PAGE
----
Investors are heading into a period of sharemarket uncertainty.

Investors are heading into a period of sharemarket uncertainty.

Investments expert John Nolan says equity markets are entering a period of increased volatility as expansionary monetary policies around the developed world are wound back.

Nolan said it was impossible to predict the consequences of the end of so-called quantitative easing programs.

''Quantitative easing drove the price of every asset and the end of that will have similar consequences,'' he said.

In recent months, the US central bank has been scaling back its bond-buying activities, commonly referred to as quantitative easing, and is expected to halt buying altogether before the end of the year, ahead of possible interest rate increases next year. Last month New Zealand's central bank became the first major developed nation to increase its key interest rate from record lows. Most local economists are now expecting official rates to rise in Australia over the next 12 months.

Nolan, managing director of Warakirri Asset Management and a member of the investment committee of top-performing industry fund REST, said the possibility of a 50 per cent swing either way in equity prices was ''higher than history would suggest'' because of the winding back of the unprecedented stimulus.

Two years ago, Nolan was more upbeat about the prospects for equities because of expectations at the time of a sustained period of record-low interest rates.

In August 2012, Nolan was quoted as saying equities could rise 30 per cent. ''I think there is a massive mis-pricing between equities and fixed interest today,'' he was quoted as saying.

It wasn't a universally held view at the time. ''A number of prominent Australians were saying buy fixed interest, not buy equities, I had a contrary view. I have been around the market and know the time to

get excited about equities is

when everyone else is saying not to buy them.''

Since August 2012, Australia's S&P/ASX 200 Index has risen 32 per cent and Nolan says the market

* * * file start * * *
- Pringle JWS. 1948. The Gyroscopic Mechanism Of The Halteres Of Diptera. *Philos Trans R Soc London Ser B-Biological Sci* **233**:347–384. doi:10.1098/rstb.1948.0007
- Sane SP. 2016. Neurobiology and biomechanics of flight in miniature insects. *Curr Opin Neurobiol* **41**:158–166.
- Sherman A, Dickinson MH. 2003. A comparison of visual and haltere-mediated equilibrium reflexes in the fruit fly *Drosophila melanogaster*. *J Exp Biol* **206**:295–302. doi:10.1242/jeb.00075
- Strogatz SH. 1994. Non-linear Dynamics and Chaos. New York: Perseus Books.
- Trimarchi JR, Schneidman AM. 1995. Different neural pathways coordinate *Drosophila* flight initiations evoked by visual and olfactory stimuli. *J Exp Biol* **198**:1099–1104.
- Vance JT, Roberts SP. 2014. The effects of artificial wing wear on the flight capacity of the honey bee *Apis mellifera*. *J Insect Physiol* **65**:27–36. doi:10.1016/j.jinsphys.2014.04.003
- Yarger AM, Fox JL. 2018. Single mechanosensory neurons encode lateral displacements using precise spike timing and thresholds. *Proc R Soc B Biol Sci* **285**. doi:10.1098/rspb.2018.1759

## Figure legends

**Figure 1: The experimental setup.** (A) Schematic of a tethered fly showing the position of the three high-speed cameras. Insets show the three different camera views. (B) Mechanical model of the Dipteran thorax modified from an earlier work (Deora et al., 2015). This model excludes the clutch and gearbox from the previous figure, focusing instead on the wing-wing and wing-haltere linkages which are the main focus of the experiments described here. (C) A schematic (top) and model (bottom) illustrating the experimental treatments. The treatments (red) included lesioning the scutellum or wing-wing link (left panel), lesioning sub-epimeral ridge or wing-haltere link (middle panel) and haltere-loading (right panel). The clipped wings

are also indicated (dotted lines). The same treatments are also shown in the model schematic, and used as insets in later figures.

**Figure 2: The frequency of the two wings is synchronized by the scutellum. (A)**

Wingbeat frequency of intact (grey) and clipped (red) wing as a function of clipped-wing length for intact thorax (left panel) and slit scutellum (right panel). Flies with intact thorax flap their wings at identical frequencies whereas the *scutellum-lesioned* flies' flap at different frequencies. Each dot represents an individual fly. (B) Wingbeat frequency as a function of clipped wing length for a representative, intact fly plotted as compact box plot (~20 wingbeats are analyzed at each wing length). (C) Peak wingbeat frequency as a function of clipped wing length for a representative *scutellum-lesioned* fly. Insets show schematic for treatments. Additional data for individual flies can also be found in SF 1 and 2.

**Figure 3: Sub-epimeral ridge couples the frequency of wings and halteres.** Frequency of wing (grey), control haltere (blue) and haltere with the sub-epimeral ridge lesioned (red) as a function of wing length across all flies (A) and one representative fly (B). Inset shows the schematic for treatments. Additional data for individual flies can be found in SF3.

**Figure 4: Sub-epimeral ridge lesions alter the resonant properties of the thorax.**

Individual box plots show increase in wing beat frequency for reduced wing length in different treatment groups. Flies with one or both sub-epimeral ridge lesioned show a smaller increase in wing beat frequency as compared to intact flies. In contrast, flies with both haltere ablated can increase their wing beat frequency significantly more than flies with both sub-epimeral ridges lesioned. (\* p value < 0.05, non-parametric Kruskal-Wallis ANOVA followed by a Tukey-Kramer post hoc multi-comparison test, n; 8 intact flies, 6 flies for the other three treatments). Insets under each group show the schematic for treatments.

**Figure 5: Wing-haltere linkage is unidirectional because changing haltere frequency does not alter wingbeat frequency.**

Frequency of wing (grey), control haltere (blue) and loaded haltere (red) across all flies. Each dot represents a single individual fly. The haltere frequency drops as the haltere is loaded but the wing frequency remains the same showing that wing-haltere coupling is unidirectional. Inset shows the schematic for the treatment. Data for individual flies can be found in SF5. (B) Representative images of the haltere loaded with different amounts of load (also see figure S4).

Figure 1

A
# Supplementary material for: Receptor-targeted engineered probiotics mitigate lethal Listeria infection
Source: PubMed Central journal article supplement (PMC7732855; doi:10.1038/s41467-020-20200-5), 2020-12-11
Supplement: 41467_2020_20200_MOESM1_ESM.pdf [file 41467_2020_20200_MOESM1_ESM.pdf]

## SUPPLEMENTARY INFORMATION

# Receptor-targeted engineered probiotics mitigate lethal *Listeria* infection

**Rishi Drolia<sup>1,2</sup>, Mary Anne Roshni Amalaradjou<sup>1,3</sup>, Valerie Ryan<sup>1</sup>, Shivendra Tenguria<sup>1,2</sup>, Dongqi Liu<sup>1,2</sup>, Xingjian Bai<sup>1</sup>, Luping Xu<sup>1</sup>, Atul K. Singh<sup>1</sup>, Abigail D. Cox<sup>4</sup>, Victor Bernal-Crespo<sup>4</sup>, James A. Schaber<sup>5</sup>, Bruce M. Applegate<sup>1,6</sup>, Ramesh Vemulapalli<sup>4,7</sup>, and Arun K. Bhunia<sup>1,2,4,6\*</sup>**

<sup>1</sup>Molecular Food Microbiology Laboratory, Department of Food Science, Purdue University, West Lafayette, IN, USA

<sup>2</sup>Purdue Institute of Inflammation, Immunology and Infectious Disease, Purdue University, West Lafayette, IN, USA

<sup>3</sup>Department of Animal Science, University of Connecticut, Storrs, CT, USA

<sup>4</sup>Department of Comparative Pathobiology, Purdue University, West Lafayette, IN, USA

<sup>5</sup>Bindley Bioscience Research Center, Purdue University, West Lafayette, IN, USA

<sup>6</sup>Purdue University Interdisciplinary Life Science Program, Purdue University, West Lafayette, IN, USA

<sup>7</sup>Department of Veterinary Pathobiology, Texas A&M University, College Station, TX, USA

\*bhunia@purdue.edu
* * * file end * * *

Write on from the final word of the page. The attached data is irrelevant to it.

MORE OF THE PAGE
re-rating has now ''significantly taken place''.

Nonetheless, the extended period of record-low interest rates engendered some perverse outcomes.

Nolan noted that an extended period of low interest rates typically engenders a rash of corporate mergers and acquisitions, which can be good for equity investors. It does not seem to have happened in this instance - perhaps because companies have been too ''fearful''. Nolan says some structural challenges lie ahead for the Australian economy, for instance the pricing of key export commodities such as iron ore moving back towards its marginal cost of production.

''You won't always be able to make a high ROE [return on equity] by digging iron ore out of the ground. It's not a sophisticated process.''

Nolan also says the pricing of housing in major Australian cities has been distorted by investment out of China.

''It might be rational from their perspective but it's hard to make the numbers look sensible from an Australian perspective.''

He noted that asset price booms in Australia had historically been accentuated by monies flowing from foreign capital markets. The latest boom in house prices is seemingly no different.

These days Nolan spends much of his time championing the importance of focusing on after-tax investment returns.

He says that for too long retail investors were denied the opportunity to assess managers' performances with a view to their own tax circumstances.

''Pre-tax returns are not that relevant to what investors end up with in their pocket,'' he said.

In July 2007, Warakirri introduced unique after-tax benchmarks to measure the performance of its own funds. These days Warakirri measures the performance of more than $40 billion worth of Australian equities across almost 100 portfolios on an after-tax basis for a variety of clients.

Stewart Oldfield is a research analyst at Wilson HTM. Opinions expressed in this article should not be construed as personal advice. stewart.oldfield@wilsonhtm.com.au